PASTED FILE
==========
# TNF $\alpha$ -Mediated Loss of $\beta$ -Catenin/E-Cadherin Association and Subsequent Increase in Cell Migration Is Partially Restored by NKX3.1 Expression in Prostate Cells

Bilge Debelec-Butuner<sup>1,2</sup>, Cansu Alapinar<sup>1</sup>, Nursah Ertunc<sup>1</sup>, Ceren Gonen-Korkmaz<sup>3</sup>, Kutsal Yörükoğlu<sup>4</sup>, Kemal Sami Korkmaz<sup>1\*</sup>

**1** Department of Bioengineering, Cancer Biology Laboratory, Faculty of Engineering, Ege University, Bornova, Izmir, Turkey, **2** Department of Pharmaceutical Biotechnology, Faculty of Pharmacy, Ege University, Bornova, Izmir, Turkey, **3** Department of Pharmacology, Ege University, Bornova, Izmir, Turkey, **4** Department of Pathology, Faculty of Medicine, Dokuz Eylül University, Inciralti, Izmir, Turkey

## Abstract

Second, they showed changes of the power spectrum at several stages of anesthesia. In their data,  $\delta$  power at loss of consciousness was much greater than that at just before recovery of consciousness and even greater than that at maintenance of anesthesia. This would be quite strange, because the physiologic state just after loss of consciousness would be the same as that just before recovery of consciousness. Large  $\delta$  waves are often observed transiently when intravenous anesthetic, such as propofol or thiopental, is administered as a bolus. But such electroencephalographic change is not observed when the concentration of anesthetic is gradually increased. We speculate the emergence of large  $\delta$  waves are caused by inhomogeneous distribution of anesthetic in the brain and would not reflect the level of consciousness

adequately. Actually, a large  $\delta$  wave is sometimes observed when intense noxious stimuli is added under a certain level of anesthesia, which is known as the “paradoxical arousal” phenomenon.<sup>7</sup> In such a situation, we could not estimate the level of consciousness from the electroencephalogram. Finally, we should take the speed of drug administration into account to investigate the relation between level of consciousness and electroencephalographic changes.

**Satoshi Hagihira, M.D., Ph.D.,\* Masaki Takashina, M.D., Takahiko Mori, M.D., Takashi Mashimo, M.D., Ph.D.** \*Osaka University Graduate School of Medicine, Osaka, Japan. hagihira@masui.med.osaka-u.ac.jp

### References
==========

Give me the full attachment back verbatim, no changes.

# TNF $\alpha$ -Mediated Loss of $\beta$ -Catenin/E-Cadherin Association and Subsequent Increase in Cell Migration Is Partially Restored by NKX3.1 Expression in Prostate Cells

Bilge Debelec-Butuner<sup>1,2</sup>, Cansu Alapinar<sup>1</sup>, Nursah Ertunc<sup>1</sup>, Ceren Gonen-Korkmaz<sup>3</sup>, Kutsal Yörükoğlu<sup>4</sup>, Kemal Sami Korkmaz<sup>1\*</sup>

**1** Department of Bioengineering, Cancer Biology Laboratory, Faculty of Engineering, Ege University, Bornova, Izmir, Turkey, **2** Department of Pharmaceutical Biotechnology, Faculty of Pharmacy, Ege University, Bornova, Izmir, Turkey, **3** Department of Pharmacology, Ege University, Bornova, Izmir, Turkey, **4** Department of Pathology, Faculty of Medicine, Dokuz Eylül University, Inciralti, Izmir, Turkey

## Abstract

Second, they showed changes of the power spectrum at several stages of anesthesia. In their data,  $\delta$  power at loss of consciousness was much greater than that at just before recovery of consciousness and even greater than that at maintenance of anesthesia. This would be quite strange, because the physiologic state just after loss of consciousness would be the same as that just before recovery of consciousness. Large  $\delta$  waves are often observed transiently when intravenous anesthetic, such as propofol or thiopental, is administered as a bolus. But such electroencephalographic change is not observed when the concentration of anesthetic is gradually increased. We speculate the emergence of large  $\delta$  waves are caused by inhomogeneous distribution of anesthetic in the brain and would not reflect the level of consciousness

adequately. Actually, a large  $\delta$  wave is sometimes observed when intense noxious stimuli is added under a certain level of anesthesia, which is known as the “paradoxical arousal” phenomenon.<sup>7</sup> In such a situation, we could not estimate the level of consciousness from the electroencephalogram. Finally, we should take the speed of drug administration into account to investigate the relation between level of consciousness and electroencephalographic changes.

**Satoshi Hagihira, M.D., Ph.D.,\* Masaki Takashina, M.D., Takahiko Mori, M.D., Takashi Mashimo, M.D., Ph.D.** \*Osaka University Graduate School of Medicine, Osaka, Japan. hagihira@masui.med.osaka-u.ac.jp

### References